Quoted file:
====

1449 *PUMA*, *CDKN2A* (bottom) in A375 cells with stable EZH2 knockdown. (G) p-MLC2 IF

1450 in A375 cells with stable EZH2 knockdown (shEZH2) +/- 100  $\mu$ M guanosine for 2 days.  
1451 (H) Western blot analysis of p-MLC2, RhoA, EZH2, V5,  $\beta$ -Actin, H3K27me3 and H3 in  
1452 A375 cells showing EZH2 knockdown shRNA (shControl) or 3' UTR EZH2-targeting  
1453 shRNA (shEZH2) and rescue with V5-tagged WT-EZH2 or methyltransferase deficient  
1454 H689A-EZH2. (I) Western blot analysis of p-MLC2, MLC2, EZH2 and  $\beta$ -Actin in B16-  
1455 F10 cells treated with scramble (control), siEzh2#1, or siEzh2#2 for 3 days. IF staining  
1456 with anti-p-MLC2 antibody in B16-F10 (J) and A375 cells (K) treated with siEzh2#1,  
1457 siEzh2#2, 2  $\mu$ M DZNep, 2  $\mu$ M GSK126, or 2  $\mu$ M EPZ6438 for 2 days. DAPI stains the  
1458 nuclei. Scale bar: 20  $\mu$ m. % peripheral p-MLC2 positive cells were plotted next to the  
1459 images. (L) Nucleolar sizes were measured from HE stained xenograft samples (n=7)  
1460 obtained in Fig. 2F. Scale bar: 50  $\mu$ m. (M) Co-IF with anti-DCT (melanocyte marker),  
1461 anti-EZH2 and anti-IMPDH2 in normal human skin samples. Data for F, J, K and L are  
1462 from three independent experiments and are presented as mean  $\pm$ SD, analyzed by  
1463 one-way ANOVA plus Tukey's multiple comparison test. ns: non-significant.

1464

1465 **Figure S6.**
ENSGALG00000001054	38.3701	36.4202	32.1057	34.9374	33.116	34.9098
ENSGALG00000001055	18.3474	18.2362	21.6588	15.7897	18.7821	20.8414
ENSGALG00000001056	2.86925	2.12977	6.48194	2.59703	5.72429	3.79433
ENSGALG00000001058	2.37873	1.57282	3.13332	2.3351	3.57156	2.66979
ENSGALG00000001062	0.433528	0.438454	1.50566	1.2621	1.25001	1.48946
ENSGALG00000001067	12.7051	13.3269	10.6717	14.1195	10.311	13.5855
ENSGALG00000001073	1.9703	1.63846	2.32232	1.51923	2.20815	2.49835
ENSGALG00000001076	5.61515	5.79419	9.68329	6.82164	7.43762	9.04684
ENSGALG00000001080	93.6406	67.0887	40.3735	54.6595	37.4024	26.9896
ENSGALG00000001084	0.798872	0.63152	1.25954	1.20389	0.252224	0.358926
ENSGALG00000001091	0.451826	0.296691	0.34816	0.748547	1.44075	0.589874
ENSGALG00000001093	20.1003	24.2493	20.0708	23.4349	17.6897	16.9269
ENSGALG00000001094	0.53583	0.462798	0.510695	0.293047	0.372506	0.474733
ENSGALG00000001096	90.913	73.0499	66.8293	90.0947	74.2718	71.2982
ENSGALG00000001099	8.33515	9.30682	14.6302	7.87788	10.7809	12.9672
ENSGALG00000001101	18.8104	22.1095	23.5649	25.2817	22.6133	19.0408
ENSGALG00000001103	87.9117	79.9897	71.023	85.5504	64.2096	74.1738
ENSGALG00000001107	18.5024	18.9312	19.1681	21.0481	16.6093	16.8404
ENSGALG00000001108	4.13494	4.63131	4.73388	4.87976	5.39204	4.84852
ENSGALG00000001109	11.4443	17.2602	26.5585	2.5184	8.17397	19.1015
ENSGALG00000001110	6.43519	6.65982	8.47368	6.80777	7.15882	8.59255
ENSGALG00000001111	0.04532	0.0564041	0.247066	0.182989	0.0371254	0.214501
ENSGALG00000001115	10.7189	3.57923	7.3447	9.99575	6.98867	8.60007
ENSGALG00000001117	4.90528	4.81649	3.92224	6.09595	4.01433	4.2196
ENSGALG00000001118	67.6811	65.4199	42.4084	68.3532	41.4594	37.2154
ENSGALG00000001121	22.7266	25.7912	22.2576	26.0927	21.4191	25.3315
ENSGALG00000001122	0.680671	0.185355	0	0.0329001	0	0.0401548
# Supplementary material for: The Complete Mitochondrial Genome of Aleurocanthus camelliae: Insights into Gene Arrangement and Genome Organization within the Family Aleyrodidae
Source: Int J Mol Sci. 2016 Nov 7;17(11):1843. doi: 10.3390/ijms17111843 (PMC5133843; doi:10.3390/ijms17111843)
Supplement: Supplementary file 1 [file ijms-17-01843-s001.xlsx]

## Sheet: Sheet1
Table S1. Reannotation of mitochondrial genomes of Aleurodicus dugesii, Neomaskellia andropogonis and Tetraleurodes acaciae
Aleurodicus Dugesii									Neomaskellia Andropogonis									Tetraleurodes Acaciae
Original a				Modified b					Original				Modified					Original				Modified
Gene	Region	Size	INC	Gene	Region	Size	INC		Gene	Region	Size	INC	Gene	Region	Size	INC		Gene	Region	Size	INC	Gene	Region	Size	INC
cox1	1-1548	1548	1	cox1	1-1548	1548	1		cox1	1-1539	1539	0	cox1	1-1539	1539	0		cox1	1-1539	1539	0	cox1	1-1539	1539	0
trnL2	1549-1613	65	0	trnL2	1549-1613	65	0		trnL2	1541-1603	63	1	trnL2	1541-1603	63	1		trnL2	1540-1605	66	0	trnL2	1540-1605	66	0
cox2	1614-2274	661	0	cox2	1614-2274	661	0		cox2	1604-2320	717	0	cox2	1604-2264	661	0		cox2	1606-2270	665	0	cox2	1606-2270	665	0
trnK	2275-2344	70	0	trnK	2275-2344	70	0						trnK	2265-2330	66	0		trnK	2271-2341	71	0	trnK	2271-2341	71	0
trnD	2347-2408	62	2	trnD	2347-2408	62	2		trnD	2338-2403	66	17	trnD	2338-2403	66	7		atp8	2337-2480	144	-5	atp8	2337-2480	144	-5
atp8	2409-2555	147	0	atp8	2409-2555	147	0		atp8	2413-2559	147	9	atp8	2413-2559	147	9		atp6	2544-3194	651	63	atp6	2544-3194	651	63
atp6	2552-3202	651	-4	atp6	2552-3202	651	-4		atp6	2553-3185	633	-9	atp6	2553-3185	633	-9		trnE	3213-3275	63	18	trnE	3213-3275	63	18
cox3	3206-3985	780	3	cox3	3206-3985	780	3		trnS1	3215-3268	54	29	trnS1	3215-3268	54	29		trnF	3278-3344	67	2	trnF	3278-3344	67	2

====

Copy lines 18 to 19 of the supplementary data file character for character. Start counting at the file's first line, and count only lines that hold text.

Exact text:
ENSGALG00000001054	38.3701	36.4202	32.1057	34.9374	33.116	34.9098
ENSGALG00000001055	18.3474	18.2362	21.6588	15.7897	18.7821	20.8414